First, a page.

• capital campaigns
  • the succession planning and transition of top leaders.

Why? Because the advancement program is hard-wired into the community in a way that no other aspect of a school is.

And – this is going to blow your mind, but… here goes…

Culture is the same thing as community.

That’s right. The development office staff often has intel about our families that no one else has. The development office staff, when well-positioned, can help communicate and persuade in a way that no one else can. The development office staff close an essential feedback loop between the school and community that it serves.

Without the advancement team weighing on all major decisions and being notified of the small ones, our schools are working without all the information and – most important – potentially without the support of our constituencies.

In other words, without our advancement team seated at the table with the Head of School and its volunteer leaders, we can not say we have a “culture of philanthropy.”

We simply can’t.

So, how does this look on our primer? Well, it probably starts like this:

At our school, philanthropic goals are set by the Board; philanthropic strategy is developed and implemented by the Head of School and the advancement program. We meet regularly to discuss and respond to issues related to our community. We work collaboratively to meet goals we made, together…

From there, you’re talking about specific instances in which you, the advancement professionals, collaborated with the powers-that-be to make well-informed, thoughtful decisions that took into account the four necessary qualifiers for “philanthropic success.”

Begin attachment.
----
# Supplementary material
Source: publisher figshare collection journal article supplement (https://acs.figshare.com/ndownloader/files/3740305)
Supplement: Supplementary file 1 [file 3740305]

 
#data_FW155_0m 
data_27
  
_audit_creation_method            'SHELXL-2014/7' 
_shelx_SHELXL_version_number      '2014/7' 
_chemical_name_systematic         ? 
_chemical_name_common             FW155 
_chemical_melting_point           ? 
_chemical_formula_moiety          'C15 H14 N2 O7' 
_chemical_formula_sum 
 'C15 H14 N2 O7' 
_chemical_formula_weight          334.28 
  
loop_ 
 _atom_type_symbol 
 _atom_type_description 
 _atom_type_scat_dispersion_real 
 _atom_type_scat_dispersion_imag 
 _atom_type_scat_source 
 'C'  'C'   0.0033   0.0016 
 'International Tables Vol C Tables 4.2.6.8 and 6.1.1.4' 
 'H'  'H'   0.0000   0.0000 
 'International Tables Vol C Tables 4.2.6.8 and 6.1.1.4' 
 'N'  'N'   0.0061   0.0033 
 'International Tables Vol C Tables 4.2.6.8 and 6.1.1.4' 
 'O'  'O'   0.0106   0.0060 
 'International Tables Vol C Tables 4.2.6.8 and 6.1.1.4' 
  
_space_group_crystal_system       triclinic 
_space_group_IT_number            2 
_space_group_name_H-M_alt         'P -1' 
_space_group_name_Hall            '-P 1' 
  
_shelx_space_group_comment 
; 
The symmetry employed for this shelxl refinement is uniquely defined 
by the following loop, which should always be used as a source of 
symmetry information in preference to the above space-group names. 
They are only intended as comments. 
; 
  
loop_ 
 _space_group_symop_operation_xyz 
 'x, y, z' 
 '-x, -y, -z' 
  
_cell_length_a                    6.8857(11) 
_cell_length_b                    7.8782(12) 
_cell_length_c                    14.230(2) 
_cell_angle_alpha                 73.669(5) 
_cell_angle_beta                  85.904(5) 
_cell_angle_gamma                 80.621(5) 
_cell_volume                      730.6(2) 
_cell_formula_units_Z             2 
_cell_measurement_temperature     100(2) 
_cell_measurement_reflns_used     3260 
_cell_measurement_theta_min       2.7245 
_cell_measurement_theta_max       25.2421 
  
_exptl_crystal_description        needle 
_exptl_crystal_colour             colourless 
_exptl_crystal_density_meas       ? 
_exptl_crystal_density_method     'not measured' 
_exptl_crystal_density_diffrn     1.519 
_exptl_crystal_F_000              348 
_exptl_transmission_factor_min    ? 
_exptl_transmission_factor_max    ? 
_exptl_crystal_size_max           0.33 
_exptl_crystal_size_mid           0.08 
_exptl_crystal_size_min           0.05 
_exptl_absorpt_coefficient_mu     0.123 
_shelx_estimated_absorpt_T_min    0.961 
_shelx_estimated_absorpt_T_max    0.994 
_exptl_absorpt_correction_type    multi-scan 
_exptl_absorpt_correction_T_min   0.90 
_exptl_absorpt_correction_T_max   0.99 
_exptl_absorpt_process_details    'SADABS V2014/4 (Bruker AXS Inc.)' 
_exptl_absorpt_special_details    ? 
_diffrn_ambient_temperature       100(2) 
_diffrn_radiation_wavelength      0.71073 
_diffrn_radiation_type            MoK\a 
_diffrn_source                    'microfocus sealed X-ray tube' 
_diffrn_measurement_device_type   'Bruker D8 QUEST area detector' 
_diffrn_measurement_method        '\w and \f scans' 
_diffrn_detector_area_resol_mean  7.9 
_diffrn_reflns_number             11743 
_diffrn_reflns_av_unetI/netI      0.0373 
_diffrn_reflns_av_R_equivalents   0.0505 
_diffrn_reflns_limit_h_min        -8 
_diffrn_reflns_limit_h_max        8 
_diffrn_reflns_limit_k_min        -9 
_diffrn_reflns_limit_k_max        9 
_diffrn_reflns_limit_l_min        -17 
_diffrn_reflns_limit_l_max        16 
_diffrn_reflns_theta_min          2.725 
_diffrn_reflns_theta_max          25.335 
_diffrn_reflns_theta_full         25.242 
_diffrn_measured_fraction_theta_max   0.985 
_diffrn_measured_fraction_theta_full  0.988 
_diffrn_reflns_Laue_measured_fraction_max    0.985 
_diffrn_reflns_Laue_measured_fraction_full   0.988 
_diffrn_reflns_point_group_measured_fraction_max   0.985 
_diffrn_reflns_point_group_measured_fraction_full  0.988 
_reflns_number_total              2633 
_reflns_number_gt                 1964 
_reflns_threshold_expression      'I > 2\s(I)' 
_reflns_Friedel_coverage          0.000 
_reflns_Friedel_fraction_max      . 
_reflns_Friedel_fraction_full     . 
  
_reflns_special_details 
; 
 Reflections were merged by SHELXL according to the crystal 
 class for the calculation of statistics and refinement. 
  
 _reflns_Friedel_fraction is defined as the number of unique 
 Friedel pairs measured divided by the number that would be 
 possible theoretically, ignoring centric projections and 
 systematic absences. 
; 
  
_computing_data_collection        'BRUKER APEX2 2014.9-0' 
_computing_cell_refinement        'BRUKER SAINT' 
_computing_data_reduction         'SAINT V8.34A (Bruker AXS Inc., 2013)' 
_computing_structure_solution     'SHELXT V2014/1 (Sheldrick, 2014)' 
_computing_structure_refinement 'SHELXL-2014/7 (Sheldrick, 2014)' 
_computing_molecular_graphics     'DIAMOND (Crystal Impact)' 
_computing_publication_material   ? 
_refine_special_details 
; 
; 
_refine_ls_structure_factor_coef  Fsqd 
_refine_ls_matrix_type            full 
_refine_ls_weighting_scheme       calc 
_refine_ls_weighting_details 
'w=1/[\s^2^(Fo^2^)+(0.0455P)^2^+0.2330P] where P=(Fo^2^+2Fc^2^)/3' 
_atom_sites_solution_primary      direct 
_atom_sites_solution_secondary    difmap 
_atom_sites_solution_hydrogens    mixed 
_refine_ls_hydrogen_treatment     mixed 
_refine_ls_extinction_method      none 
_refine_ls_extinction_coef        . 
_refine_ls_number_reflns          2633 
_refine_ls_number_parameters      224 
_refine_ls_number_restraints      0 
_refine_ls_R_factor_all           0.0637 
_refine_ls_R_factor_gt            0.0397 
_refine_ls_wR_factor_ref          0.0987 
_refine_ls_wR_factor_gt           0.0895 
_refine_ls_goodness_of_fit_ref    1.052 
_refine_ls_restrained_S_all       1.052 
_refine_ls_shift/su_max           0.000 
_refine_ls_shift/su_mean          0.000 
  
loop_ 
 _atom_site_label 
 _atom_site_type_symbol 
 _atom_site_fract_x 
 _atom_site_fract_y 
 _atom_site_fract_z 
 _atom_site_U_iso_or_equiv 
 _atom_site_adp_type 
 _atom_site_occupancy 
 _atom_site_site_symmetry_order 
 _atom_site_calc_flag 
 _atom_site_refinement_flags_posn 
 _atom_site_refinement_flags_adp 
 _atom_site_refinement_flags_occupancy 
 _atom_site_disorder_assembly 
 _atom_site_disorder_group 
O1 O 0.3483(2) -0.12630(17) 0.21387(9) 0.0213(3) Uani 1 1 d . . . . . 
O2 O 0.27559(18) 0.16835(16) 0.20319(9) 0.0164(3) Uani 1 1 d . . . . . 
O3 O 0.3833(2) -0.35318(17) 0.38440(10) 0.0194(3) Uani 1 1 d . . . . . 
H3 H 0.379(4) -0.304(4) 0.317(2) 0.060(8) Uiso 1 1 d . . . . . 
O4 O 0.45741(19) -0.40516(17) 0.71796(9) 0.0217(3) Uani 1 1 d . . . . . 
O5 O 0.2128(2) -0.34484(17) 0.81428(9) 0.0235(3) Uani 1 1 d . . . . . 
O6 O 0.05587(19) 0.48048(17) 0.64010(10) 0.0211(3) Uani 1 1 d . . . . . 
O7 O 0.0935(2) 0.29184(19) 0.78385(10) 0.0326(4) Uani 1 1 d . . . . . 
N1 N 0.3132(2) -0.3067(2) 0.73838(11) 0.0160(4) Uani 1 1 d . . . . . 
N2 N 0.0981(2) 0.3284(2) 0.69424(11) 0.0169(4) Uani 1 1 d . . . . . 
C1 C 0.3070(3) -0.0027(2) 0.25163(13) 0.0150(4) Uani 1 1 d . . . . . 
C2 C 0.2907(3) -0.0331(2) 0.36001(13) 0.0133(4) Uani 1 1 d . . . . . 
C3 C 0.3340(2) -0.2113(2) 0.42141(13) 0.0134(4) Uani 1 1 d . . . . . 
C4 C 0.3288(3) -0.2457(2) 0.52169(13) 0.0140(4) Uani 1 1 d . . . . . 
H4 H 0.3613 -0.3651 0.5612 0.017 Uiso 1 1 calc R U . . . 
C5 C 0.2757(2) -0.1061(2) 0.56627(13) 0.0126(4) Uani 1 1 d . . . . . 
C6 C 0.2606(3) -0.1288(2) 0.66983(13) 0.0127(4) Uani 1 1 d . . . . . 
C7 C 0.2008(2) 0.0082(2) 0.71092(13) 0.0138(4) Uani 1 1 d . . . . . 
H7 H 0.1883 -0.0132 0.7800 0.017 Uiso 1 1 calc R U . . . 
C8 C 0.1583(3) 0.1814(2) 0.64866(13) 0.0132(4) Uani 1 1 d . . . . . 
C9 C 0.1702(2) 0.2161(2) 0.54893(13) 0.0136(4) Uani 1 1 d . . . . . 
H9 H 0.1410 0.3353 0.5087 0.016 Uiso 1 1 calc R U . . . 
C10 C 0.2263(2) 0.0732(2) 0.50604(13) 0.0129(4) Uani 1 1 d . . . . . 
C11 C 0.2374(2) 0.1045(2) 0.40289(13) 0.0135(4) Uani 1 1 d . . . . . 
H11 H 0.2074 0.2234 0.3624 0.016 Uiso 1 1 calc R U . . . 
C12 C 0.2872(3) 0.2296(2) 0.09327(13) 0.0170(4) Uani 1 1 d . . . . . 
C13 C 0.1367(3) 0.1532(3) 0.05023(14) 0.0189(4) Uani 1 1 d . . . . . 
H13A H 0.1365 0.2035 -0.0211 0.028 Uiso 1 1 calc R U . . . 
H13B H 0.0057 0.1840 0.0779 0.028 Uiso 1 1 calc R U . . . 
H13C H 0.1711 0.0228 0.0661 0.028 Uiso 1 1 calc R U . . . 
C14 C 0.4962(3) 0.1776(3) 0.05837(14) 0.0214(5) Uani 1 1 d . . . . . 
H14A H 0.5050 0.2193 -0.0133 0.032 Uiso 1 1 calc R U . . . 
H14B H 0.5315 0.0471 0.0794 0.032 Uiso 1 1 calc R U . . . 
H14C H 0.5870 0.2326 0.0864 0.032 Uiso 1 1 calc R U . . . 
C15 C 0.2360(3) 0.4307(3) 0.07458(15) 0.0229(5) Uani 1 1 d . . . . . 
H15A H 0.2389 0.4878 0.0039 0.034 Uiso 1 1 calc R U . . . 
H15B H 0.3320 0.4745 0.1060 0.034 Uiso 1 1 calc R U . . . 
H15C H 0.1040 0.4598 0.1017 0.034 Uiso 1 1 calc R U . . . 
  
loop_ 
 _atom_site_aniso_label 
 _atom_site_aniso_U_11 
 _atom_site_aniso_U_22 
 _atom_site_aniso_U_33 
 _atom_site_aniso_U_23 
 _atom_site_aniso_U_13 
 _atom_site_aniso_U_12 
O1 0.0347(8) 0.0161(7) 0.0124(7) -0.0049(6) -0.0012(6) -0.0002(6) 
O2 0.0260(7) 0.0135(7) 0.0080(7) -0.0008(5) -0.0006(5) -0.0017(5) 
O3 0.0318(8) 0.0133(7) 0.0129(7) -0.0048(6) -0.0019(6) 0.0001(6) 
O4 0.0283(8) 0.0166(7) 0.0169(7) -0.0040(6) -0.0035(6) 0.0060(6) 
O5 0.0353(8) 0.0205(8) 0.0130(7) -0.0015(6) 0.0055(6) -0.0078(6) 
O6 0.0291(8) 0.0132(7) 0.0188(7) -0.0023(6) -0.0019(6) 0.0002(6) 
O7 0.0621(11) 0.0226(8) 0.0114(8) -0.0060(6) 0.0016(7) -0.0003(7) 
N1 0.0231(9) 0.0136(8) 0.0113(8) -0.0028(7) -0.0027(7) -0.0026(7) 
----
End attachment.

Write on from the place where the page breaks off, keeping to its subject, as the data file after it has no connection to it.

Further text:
See how it all comes together to create the fabled culture of philanthropy?

So maybe at this point you have more questions than answers. That’s okay. Maybe you’re realizing that the culture of philanthropy that you need to be able to define for your self-study process  — or simply because you understand you need it  — doesn’t exist quite yet at your school.

That’s okay.

You may be earlier in the process than you thought. There’s nothing wrong with that. Let me be here to help you out.

I’ve created three handy downloadable primers that you can print out and bring to your next meeting:

These “primers”, like this article, are meant to be conversation starters. They should serve as a valuable jumping off spot, from which you and your team can develop a comprehensive list that truly reflects the uniqueness of your school.

All I ask is that whatever amazing ideas you come up with, share them with me!

My name is Barbara Barron, and I’m writing this blog to share advice on a profession that I adore.

I’ve been working in the field of Independent School Advancement for nearly 20 years. In that time, I’ve had the pleasure of creating and implementing successful Strategic Fundraising Plans for so many incredible schools. I’ve had the privilege of seeing real growth at The Carey School, Marin Primary & Middle School, Woodside Priory, Crystal SpringsSage Ridge and others. (Maybe we’ve met!)

Nothing makes me happier than seeing a struggling school start to thrive. My hope is that you’re here to make a positive change as well. I hope my advice can be a part of that change.

Shoot me an e-mail if you want to swap tips, or share your voice here.

Let’s do this, together.